Each of the defendants made an affirmative showing that there were no factual issues and were entitled to summary judgment. With this showing, the burden was on the plaintiffs to show a factual issue existed. Sanchez v. Shop Rite Foods, 82 N.M. 369, 482 P.2d 72 (Ct.App.1971); Rekart v. Safeway Stores, Inc., 81 N.M. 491, 468 P.2d 892, 38 A.L.R.3d 354 (Ct.App.1970). Since the issue is whether plaintiffs met their burden, we refer to the showing made by the various defendants only to the extent necessary to answer plaintiffs’ contentions.

In determining whether plaintiffs met their burden we construe all reasonable inferences in favor of plaintiff. Binns v. Schoenbrun, 81 N.M. 489, 468 P.2d 890 (Ct.App.1970).

Acts during the surgery.

The affidavit of Dr. Davis refers to the penetration of the rongeur and the resultant injury. Davis states “this act” amounted to less than the usual caution, care and medical skill required to meet the standards of medical practice. On the basis of “this act,” plaintiffs assert there is a factual issue as to malpractice in the use of the rongeur.

The showing made by defendants is that such penetration and resultant injury is an *53inherent danger of the surgical procedure; that this danger exists because of the anatomy of individuals (the proximity of the right iliac vein and right iliac artery to the annulus surrounding the disc). The showing is that the penetration and resultant injury occurs in a small but statistically determinable number of cases even though the surgeon is aware of the danger and is careful to avoid such an occurrence. Examples of such a mishap are given; the examples are based on the personal experience of the affiants.

The foregoing demonstrates that an unintended incident transpired. Cervantes v. Forbis, 73 N.M. 445, 389 P.2d 210 (1964), which involved an intramedullary pin, states that an unintended incident, in itself, does not establish liability; that unless exceptional circumstances are present, there must be a showing that the “ * * * incident occurred because of the physician’s failure to meet the standard * * Plere, the unintended incident does not raise a factual issue unless there is a showing that exceptional circumstances were present or that the incident occurred because of Klebanoff’s failure to meet the required standard.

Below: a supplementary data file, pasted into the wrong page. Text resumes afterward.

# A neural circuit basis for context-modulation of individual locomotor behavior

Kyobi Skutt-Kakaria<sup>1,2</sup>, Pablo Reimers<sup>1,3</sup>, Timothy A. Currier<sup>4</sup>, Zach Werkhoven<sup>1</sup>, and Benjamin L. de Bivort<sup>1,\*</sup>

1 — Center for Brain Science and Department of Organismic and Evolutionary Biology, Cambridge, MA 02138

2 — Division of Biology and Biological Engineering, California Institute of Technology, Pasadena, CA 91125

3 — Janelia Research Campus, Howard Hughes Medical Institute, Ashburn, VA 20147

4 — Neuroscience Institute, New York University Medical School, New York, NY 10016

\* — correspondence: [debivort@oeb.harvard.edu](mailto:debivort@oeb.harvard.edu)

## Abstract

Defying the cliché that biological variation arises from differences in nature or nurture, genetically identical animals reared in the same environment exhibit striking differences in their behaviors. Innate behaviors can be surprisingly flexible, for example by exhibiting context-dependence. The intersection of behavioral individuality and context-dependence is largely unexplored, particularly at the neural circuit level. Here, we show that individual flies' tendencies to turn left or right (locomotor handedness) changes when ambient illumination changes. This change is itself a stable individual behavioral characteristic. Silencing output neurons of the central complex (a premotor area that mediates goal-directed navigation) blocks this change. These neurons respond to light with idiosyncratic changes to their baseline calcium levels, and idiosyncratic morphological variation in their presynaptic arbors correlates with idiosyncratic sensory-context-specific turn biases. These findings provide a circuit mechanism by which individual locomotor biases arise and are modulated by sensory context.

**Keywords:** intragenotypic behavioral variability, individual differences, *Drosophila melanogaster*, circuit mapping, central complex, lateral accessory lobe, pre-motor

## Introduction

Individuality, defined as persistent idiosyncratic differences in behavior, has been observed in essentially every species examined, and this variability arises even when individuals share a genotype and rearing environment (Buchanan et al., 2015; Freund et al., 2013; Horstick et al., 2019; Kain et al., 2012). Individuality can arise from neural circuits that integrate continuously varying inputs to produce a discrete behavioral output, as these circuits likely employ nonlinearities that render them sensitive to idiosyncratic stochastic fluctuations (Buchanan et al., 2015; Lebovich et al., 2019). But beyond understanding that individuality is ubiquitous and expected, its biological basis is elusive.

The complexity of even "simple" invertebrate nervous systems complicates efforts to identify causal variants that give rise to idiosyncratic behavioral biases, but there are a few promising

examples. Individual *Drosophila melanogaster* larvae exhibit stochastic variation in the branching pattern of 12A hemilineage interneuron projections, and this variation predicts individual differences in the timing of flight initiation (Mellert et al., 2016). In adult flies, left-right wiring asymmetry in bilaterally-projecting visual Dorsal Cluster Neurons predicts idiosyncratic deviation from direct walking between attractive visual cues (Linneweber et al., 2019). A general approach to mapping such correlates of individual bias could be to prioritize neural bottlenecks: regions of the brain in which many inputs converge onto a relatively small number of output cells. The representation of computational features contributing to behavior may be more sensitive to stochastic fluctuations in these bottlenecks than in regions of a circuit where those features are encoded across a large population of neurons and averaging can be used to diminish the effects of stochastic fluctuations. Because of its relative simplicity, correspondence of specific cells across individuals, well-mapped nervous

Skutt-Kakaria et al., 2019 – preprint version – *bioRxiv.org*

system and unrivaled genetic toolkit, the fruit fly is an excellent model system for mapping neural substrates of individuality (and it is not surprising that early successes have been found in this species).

The showing in the depositions and affidavits relied on by defendants is that no exceptional circumstances were present. The Davis affidavit makes no reference to exceptional circumstances. Plaintiffs contended in oral argument that such circumstances were shown by the force necessary to make the penetration and to effect the damage to the anterior annulus, the right iliac artery and the right iliac vein. The answer is that there is nothing showing that the force used in effecting the penetration and resultan; injury was in any way exceptional. There are no factual issues concerning exceptional circumstances.

The showing by defendants is there was no failure to meet the required standard. Specifically, defendants’ showing explains why the penetration and resultant injury does not fall below the required standard. Davis concludes the penetration and resultant injury was below standard but does not explain why. “ * * * An expert witness must, of course, be able to give a satisfactory explanation as to how he arrives at his opinion. * * * ” Dahl v. Turner, 80 N.M. 564, 458 P.2d 816, 39 A.L.R.3d 207 (Ct.App.1969). Absent such an explanation, the opinion is not competent evidence. City of Albuquerque v. Chapman, 76 N.M. 162, 413 P.2d 204 (1966); Landers v. Atchison, Topeka & Santa Fe Railway Co., 68 N.M. 130, 359 P.2d 522 (1961). In summary judgment proceedings, affidavits “ * * * shall set forth such facts as would be admissible in evidence * * Section 21-1-1(56) (e), N.M.S.A.1953 (Repl. Vol. 4).